So nine to the power of 1/2 would be the square root of nine, so that's three.

We're adding on 81 to the power of 1/2, which is the square root of 81, which equals nine.

So really, this question is asking us what is three add nine? And that equals 12.

So let's try and review what we've learned so far.

We know that b to the power of 1/2 equals the square root of b.

b to the power of 1/3 equals the third root of b.

b to the power of 1/4 is the forth root of b.

What you should notice is that the index number, the denomination in the index number, tells you what we root the b by.

So if we have a denominator of two, for example, in b to the power of 1/2, we'd have the square root of b.

In b to the power of 1/3, the denominator in that fraction is three so we look for the third root of b, or the cube root of b.

And if we have b to the power of 1/4, the denominator is four, so that would equal the fourth root of b.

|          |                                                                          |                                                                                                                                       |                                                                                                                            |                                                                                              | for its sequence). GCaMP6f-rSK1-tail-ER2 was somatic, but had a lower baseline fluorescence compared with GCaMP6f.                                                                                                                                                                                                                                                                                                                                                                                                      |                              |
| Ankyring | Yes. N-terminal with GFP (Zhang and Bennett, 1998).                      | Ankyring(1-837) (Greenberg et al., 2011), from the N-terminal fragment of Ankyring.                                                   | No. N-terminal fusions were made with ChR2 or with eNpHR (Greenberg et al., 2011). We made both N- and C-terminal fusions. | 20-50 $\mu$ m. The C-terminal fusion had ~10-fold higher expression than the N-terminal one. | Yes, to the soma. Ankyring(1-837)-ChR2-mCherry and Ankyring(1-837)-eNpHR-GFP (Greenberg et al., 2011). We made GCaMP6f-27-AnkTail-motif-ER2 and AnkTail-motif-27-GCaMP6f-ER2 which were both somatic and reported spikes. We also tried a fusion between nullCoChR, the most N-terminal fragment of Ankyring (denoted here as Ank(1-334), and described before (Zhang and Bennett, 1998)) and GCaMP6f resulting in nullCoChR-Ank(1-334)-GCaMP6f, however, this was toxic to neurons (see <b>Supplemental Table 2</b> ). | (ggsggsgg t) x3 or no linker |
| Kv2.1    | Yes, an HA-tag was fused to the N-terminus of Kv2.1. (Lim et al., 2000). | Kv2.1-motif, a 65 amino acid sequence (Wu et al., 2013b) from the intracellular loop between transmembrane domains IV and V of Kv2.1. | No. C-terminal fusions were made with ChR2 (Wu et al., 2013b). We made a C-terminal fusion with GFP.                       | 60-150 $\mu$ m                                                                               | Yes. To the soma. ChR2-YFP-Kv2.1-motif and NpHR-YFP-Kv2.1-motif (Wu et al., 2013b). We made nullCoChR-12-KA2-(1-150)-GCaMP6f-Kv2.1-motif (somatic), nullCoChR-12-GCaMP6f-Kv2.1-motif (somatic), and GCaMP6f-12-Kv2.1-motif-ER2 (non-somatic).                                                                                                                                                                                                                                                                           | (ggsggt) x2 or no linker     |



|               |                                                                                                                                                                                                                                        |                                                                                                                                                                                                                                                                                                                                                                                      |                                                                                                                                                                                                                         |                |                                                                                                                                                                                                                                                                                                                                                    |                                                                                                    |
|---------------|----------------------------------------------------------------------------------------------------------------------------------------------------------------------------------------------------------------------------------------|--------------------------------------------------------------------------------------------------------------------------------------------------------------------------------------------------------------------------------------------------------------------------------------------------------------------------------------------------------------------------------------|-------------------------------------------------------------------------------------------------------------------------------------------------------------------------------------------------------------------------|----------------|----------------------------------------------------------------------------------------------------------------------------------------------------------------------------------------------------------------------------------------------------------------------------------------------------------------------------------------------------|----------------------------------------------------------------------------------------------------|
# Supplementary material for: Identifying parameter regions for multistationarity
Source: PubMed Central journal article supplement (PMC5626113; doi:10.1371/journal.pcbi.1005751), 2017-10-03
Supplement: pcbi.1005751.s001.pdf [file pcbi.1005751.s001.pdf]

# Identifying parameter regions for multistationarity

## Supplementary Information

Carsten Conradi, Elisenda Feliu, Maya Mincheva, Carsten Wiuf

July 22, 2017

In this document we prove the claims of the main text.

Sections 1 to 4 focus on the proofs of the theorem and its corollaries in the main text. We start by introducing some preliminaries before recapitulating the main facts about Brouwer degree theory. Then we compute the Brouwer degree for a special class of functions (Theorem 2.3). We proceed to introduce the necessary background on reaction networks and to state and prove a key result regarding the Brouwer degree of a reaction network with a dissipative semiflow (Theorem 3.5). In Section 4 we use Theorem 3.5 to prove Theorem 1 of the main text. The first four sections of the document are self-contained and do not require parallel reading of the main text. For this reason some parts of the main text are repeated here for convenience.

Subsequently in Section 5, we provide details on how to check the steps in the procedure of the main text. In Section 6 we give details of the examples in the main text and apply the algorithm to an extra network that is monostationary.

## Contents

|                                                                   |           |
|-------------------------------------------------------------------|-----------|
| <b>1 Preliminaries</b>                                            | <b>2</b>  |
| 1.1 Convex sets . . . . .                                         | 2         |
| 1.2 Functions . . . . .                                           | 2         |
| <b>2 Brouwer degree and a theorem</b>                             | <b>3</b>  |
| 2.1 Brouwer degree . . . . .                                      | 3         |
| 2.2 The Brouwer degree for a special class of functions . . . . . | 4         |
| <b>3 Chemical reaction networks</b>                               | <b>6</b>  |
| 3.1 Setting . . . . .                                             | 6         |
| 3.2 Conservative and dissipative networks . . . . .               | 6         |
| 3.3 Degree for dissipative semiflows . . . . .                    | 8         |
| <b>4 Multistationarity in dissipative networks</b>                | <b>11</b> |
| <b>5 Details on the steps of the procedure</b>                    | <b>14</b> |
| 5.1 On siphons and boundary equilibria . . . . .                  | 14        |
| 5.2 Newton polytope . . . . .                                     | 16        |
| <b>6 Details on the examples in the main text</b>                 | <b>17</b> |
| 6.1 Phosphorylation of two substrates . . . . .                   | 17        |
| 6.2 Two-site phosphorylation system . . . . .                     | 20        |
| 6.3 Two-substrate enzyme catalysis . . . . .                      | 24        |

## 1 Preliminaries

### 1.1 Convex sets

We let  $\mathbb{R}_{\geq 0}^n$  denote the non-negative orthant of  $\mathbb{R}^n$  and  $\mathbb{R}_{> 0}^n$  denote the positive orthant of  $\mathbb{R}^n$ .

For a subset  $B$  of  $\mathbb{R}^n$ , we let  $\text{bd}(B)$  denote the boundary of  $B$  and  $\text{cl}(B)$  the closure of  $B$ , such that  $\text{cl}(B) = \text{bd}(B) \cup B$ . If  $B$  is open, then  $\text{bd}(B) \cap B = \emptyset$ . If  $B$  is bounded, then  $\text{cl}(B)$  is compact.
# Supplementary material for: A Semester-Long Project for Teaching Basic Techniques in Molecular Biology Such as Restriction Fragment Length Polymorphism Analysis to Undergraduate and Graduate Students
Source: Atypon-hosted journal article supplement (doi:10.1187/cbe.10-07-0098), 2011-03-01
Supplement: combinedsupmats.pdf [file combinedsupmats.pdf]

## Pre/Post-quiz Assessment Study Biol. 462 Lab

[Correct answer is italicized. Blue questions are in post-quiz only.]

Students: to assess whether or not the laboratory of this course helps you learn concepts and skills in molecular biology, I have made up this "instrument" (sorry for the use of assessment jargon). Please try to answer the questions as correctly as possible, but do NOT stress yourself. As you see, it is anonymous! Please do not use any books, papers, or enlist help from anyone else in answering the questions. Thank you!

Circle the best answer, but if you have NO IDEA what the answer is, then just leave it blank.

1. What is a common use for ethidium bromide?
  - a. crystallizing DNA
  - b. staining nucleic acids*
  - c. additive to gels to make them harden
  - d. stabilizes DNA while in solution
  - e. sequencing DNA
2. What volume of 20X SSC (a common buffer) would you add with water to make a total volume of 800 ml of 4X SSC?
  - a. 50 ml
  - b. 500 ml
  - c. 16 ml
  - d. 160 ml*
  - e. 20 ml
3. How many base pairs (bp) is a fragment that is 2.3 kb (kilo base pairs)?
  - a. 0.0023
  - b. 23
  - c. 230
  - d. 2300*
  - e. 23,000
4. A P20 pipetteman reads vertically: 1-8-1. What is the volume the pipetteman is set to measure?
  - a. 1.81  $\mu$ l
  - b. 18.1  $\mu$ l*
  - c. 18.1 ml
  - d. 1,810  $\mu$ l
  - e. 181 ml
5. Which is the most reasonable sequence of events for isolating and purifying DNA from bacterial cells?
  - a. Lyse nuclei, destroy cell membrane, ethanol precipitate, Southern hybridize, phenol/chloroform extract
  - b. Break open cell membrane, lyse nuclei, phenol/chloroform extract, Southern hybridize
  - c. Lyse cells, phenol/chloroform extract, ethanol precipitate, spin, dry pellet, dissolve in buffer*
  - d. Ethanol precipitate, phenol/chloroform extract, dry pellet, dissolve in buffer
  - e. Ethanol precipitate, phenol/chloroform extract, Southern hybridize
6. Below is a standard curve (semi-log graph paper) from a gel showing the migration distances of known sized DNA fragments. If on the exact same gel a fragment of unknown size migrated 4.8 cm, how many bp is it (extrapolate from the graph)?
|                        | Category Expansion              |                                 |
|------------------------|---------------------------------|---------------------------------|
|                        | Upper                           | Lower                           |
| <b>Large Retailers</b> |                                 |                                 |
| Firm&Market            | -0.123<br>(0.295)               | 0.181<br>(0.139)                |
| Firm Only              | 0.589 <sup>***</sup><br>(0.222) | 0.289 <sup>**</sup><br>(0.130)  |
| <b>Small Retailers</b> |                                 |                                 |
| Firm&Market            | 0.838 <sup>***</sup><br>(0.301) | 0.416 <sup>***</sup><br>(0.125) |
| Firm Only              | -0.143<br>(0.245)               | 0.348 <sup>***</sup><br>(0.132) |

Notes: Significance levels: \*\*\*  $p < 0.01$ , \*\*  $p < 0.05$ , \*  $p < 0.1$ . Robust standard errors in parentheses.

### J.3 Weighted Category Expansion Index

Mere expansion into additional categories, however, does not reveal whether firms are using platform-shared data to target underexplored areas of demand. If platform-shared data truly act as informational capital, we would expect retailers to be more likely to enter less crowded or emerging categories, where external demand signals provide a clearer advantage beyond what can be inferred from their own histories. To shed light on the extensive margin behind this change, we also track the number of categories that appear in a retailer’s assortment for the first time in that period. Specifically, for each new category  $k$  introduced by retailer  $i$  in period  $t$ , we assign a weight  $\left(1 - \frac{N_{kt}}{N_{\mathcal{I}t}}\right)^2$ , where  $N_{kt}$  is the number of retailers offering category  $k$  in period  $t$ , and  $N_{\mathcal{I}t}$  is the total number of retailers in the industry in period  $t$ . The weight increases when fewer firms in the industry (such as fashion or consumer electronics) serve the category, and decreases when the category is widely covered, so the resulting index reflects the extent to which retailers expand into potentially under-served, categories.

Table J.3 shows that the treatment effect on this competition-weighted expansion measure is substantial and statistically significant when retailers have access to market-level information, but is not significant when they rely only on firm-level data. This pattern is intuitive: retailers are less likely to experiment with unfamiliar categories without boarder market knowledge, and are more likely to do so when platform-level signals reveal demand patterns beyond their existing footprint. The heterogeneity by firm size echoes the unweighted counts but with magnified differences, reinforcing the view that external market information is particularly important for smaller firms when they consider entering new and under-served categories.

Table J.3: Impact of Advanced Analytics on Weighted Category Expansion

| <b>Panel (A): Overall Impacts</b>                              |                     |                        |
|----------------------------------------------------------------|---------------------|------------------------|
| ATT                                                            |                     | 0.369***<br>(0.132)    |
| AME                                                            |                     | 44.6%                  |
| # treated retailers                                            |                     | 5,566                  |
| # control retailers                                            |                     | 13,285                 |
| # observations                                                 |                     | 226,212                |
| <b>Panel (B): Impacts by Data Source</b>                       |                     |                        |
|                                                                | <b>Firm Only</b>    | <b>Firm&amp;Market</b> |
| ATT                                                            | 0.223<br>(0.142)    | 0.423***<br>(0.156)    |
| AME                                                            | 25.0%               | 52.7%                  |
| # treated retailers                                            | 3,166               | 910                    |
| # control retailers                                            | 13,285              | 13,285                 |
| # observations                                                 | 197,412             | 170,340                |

So if we generalise that to b to the power of 1/n, think about we're multiplying b to the power of n and raising that to the power of n, that would equal b.

So b to the power of 1/n would simply be the nth root of b.

So let's apply that in another example.

So we're going to try and apply what we've just covered in an example.

We've got to try and write the 12th root of p in index form.

So what I know about the 12th root of p is that that equals p.

Well, if I'm looking for the 12th root, that would mean that my denominator as a fractional index, would be 12.

So that would equal p to the power of 1/12.

Here's some questions for you to try.

Pause the video to complete the task, resume the video once you've finished.

Here are the answers.

Remember that the denominator in the fraction tells us what root we're looking for.

So if we look at questions c, for example, we're looking for what power is the seventh root of c, because the denominator would tell us that it must be seven, the answer would be c to the power 1/7.

Here's another question for you to try.

Pause the video to complete the task, resume the video once you're finished.

Here's the answer.

So with this question, you've got to begin by finding the value of each of the powers, and then put them into ascending order once you've done that, remember ascending order just means start from the smallest working your way towards the biggest number.

That's all we have time for in this lesson.

Thanks for watching.